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« Reply #69 - Posted 2012-05-11 11:59:31 »

Yes, I still do - it loads the map instantaneously (versus several seconds for parsing XML). The latest code I have, which is only for Android at the moment, uses annotations and a slightly better way of doing things which is faster, cleaner, and simpler.

How does Rebirth do it?

Cas Smiley

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Offline Orangy Tang

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Medals: 56
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Monkey for a head


« Reply #70 - Posted 2012-05-11 12:27:56 »

It uses annotations and a slightly better way of doing things.  Wink

It's basically the same - parse and xml file and create resource classes by reflection / attribute mapping. The big differences are multithreading things and holding onto resources via handles rather than directly so things can be hot-reloaded while the game is running.

I'm not deploying to android though, so my xml parse time is probably a whole lot less.

[ TriangularPixels.com - Play Growth Spurt, Rescue Squad and Snowman Village ] [ Rebirth - game resource library ]
Offline SkyAphid
« Reply #71 - Posted 2012-05-11 14:18:53 »

Quick question,

Generally when I make my games, the entities in the massive list of entities have a method called tick() that is called in a loop from the list every step. Inside this tick method, I have the two methods that check logic and the other draws itself.

Is this okay, or should I completely separate the logic and drawing?

“Life is pretty simple: You do some stuff. Most fails. Some works. You do more of what works. If it works big, others quickly copy it. Then you do something else. The trick is the doing something else.” ~Leonardo da Vinci
Offline ReBirth
« Reply #72 - Posted 2012-05-11 15:09:32 »

Still on Gjallar's problem, this tutorial may helps you to figure it out. Take a look on Kev's SpriteFactory.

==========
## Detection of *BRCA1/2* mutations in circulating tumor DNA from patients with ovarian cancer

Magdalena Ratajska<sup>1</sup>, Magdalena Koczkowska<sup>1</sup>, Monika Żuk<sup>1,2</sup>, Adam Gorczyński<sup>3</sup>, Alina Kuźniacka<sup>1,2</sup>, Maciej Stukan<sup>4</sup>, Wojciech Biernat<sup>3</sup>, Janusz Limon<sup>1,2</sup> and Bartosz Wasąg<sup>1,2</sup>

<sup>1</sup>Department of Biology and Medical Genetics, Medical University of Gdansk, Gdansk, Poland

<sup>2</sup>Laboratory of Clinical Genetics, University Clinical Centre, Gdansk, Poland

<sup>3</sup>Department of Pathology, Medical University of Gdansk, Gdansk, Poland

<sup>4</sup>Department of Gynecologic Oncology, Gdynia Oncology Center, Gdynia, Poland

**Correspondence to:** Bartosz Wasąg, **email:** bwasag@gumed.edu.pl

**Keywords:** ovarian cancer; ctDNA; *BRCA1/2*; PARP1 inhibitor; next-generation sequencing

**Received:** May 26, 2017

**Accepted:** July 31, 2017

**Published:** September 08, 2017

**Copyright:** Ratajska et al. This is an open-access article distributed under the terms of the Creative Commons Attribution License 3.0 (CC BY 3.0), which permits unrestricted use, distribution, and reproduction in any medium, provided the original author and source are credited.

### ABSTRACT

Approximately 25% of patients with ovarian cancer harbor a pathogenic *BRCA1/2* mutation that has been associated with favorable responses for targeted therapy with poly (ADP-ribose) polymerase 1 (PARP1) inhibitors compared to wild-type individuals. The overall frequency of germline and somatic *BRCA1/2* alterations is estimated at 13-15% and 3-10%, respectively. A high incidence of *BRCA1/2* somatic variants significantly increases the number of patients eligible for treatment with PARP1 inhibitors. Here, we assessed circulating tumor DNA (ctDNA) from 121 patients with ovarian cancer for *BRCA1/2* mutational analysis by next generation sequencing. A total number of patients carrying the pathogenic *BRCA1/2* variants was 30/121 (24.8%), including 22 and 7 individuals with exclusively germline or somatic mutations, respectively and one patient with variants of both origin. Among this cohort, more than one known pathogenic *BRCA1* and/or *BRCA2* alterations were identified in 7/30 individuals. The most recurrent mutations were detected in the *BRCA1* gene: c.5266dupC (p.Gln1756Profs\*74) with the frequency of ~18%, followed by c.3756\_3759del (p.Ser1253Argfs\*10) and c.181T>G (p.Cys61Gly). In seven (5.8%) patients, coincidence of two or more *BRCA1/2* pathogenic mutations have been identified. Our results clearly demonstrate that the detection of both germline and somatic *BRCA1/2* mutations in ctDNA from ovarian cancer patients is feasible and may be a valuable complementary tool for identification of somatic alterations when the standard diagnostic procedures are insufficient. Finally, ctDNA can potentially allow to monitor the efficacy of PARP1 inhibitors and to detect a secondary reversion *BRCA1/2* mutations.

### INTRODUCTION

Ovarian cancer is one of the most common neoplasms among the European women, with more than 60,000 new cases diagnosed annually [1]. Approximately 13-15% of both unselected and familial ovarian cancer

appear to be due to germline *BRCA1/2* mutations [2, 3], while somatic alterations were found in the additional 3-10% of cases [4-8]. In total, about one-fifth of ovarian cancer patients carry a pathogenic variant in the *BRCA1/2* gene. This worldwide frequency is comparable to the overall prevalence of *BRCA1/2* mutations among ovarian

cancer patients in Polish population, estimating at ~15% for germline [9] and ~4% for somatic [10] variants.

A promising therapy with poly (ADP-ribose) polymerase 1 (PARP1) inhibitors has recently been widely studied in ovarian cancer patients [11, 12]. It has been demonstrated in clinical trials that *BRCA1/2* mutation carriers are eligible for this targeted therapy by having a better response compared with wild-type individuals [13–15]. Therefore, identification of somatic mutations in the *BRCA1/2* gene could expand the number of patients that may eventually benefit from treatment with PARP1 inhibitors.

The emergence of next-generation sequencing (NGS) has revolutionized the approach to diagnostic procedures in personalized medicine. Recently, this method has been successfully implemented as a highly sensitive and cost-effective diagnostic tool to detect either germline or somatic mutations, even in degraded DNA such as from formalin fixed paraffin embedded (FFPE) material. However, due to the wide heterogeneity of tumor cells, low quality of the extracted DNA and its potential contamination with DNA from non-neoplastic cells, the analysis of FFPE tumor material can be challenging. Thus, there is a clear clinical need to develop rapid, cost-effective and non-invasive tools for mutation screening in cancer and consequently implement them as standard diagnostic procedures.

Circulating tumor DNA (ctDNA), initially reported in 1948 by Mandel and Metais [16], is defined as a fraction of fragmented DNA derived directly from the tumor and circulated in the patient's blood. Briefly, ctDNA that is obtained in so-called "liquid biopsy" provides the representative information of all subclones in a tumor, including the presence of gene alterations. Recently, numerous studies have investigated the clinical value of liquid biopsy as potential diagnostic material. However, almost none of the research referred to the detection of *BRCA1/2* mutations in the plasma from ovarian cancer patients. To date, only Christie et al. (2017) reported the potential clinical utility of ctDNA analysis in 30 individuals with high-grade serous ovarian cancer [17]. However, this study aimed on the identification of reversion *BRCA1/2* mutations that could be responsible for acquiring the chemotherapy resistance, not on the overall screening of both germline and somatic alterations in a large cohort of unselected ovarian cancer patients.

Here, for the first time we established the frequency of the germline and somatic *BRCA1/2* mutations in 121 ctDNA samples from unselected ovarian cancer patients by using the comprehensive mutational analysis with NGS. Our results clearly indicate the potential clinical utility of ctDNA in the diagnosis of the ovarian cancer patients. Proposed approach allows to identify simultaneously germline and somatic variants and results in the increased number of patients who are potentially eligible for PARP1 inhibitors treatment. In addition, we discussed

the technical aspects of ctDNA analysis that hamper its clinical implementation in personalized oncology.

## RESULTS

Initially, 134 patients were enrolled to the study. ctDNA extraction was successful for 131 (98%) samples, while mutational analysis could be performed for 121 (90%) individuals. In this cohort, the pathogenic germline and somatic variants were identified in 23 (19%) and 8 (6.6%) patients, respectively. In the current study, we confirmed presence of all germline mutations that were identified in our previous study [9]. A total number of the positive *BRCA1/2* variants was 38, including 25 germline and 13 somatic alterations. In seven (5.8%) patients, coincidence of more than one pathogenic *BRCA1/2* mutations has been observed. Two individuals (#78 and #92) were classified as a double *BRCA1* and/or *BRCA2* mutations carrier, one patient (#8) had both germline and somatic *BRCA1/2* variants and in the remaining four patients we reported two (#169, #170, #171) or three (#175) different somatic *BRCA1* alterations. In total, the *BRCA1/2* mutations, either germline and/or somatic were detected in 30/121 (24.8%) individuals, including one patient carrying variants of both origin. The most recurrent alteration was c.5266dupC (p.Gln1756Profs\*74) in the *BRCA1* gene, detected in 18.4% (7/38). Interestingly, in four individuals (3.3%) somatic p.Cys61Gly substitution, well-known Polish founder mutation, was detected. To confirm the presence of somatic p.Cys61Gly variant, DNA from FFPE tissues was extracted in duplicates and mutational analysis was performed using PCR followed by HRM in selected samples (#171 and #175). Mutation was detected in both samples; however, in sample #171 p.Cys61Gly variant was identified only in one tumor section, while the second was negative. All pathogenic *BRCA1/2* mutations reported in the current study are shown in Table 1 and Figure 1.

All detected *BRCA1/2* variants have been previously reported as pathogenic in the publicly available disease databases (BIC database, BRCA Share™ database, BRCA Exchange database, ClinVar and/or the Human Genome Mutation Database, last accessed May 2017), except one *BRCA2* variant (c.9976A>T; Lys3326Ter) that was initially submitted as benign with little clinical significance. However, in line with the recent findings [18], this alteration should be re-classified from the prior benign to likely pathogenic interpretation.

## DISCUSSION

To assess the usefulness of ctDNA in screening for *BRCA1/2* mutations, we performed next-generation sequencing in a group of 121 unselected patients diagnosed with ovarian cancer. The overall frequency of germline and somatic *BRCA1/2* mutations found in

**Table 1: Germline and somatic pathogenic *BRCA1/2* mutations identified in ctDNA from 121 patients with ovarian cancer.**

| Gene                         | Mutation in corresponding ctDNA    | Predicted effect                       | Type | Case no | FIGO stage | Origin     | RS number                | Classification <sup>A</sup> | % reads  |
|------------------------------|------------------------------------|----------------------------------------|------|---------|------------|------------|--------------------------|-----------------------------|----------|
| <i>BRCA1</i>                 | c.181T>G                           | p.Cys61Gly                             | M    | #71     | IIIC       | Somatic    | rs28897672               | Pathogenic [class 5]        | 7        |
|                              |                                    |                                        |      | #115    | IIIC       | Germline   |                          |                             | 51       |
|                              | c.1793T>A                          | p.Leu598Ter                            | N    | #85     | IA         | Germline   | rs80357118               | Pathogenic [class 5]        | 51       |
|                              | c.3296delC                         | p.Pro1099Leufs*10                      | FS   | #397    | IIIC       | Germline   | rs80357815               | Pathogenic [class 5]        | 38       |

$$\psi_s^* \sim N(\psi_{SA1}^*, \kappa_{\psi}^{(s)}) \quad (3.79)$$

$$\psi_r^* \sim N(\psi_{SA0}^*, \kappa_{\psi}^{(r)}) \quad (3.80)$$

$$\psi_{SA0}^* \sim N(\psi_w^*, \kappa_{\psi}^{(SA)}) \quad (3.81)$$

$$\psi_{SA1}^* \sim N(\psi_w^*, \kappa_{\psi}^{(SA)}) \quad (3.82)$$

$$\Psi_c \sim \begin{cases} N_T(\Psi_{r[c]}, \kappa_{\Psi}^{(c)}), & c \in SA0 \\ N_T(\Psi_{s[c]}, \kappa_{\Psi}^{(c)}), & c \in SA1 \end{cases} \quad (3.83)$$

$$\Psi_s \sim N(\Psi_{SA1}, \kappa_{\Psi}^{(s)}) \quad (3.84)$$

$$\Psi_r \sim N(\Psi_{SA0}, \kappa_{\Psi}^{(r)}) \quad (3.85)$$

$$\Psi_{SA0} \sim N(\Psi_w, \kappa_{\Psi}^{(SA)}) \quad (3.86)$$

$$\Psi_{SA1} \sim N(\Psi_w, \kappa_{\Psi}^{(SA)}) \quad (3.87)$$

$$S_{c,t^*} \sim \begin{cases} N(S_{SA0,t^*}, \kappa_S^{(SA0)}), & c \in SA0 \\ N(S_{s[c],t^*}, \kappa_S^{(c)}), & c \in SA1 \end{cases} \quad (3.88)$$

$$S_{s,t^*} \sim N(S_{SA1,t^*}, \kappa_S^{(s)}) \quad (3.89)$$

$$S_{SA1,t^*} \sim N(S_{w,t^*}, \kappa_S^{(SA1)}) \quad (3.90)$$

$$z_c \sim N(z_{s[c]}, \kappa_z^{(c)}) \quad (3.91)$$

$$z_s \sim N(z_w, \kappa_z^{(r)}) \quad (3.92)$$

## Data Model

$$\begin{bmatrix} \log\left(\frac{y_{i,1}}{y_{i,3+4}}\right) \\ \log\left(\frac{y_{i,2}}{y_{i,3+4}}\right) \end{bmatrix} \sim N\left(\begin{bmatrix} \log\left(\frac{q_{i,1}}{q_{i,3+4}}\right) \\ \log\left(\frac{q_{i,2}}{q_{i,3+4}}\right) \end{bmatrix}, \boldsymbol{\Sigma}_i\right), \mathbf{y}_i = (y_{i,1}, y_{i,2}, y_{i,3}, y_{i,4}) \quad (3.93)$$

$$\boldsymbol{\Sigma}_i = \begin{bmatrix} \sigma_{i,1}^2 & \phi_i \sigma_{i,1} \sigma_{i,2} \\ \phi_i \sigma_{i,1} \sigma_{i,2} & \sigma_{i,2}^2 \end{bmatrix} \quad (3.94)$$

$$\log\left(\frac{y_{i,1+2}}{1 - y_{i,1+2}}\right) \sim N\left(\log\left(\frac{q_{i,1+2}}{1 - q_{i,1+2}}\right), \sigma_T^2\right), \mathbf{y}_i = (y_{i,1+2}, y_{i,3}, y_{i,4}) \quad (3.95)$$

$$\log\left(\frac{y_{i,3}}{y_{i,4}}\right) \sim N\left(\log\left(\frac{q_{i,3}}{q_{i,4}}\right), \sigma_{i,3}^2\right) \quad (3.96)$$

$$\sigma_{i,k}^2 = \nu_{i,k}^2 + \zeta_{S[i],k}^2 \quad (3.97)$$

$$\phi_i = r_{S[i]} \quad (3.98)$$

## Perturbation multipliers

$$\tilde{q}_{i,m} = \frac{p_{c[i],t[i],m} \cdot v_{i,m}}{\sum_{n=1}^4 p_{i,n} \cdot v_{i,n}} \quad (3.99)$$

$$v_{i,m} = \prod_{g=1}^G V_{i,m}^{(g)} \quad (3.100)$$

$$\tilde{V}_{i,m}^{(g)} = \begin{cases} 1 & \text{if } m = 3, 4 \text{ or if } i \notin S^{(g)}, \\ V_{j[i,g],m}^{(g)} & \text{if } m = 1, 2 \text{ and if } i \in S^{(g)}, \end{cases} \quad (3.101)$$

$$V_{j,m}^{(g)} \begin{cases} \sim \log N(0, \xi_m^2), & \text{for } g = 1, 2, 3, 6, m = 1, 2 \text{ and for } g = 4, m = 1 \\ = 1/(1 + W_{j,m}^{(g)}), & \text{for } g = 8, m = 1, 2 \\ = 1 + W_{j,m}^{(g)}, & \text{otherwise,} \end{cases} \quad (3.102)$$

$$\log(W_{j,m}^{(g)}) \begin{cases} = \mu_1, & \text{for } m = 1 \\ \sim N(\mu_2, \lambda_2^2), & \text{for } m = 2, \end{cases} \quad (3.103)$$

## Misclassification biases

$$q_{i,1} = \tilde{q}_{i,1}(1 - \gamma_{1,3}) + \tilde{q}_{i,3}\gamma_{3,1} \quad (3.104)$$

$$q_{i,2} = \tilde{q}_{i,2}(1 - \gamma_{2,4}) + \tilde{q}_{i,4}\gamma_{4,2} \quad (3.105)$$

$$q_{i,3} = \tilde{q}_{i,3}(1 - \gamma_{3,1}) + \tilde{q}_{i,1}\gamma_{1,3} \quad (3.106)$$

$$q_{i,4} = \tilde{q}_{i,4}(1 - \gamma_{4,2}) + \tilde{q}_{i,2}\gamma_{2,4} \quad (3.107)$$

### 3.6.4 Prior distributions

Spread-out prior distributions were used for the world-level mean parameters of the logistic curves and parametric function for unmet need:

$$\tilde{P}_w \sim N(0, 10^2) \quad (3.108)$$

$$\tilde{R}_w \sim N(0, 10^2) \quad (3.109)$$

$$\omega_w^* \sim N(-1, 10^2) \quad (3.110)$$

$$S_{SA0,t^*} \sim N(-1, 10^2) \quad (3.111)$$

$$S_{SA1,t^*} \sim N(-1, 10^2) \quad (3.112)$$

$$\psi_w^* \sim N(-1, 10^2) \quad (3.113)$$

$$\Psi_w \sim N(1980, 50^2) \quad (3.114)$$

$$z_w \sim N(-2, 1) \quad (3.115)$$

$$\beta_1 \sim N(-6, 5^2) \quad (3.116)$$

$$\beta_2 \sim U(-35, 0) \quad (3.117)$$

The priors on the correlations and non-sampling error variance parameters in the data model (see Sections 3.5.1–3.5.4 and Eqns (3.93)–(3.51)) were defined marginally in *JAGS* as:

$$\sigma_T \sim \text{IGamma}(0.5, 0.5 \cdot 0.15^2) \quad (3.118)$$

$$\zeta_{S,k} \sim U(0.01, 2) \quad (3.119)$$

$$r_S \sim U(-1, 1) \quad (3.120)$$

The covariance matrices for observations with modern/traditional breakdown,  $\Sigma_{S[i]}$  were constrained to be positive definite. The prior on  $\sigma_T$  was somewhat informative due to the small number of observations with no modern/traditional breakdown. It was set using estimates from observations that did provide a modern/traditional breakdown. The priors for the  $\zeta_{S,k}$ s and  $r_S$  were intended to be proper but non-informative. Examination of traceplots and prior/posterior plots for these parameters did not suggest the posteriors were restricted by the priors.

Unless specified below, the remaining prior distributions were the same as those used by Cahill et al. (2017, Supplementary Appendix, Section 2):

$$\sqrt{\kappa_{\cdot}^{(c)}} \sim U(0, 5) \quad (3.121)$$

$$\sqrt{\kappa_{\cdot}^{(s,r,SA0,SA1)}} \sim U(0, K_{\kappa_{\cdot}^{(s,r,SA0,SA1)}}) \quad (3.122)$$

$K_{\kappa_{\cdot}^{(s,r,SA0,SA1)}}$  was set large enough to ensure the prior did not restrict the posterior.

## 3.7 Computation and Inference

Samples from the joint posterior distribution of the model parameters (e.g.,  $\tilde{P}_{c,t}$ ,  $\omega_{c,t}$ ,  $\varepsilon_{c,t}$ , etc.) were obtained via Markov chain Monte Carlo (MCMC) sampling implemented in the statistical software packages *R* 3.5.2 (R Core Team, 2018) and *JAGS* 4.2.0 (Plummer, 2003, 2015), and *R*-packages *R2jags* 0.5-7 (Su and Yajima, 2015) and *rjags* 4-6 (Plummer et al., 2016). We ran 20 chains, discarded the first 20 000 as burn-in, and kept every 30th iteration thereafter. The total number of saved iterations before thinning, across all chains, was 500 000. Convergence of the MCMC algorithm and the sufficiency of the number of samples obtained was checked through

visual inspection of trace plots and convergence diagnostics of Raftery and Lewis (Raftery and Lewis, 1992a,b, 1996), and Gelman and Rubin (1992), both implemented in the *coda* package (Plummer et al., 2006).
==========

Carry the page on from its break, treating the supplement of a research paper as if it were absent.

@SkyAphid: better separate them, easier to debug.

Online princec

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Eh? Who? What? ... Me?


« Reply #73 - Posted 2012-05-11 15:11:05 »

I have a tick() method, which is game logic, and an update() method, which updates sprite positions and special effects. tick() may be called several times between an update() if rendering is going slowly.
Neither method does any drawing. I do all drawing after everything has been ticked and updated by telling the sprite engine to go render itself. In other words, a typical game loop looks something like:

1  
2  
3  
4  
5  
while (running) {
tickEverything();
updateEverything();
render();
}


Cas Smiley

Offline SkyAphid
« Reply #74 - Posted 2012-05-13 02:22:41 »

I have a tick() method, which is game logic, and an update() method, which updates sprite positions and special effects. tick() may be called several times between an update() if rendering is going slowly.
Neither method does any drawing. I do all drawing after everything has been ticked and updated by telling the sprite engine to go render itself. In other words, a typical game loop looks something like:

1  
2  
3  
4  
5  
while (running) {
tickEverything();
updateEverything();
render();
}


Cas Smiley

So for example, your entity would probably have a getSprite() type deal where it checks the actions and what not and returns it based on those?

“Life is pretty simple: You do some stuff. Most fails. Some works. You do more of what works. If it works big, others quickly copy it. Then you do something else. The trick is the doing something else.” ~Leonardo da Vinci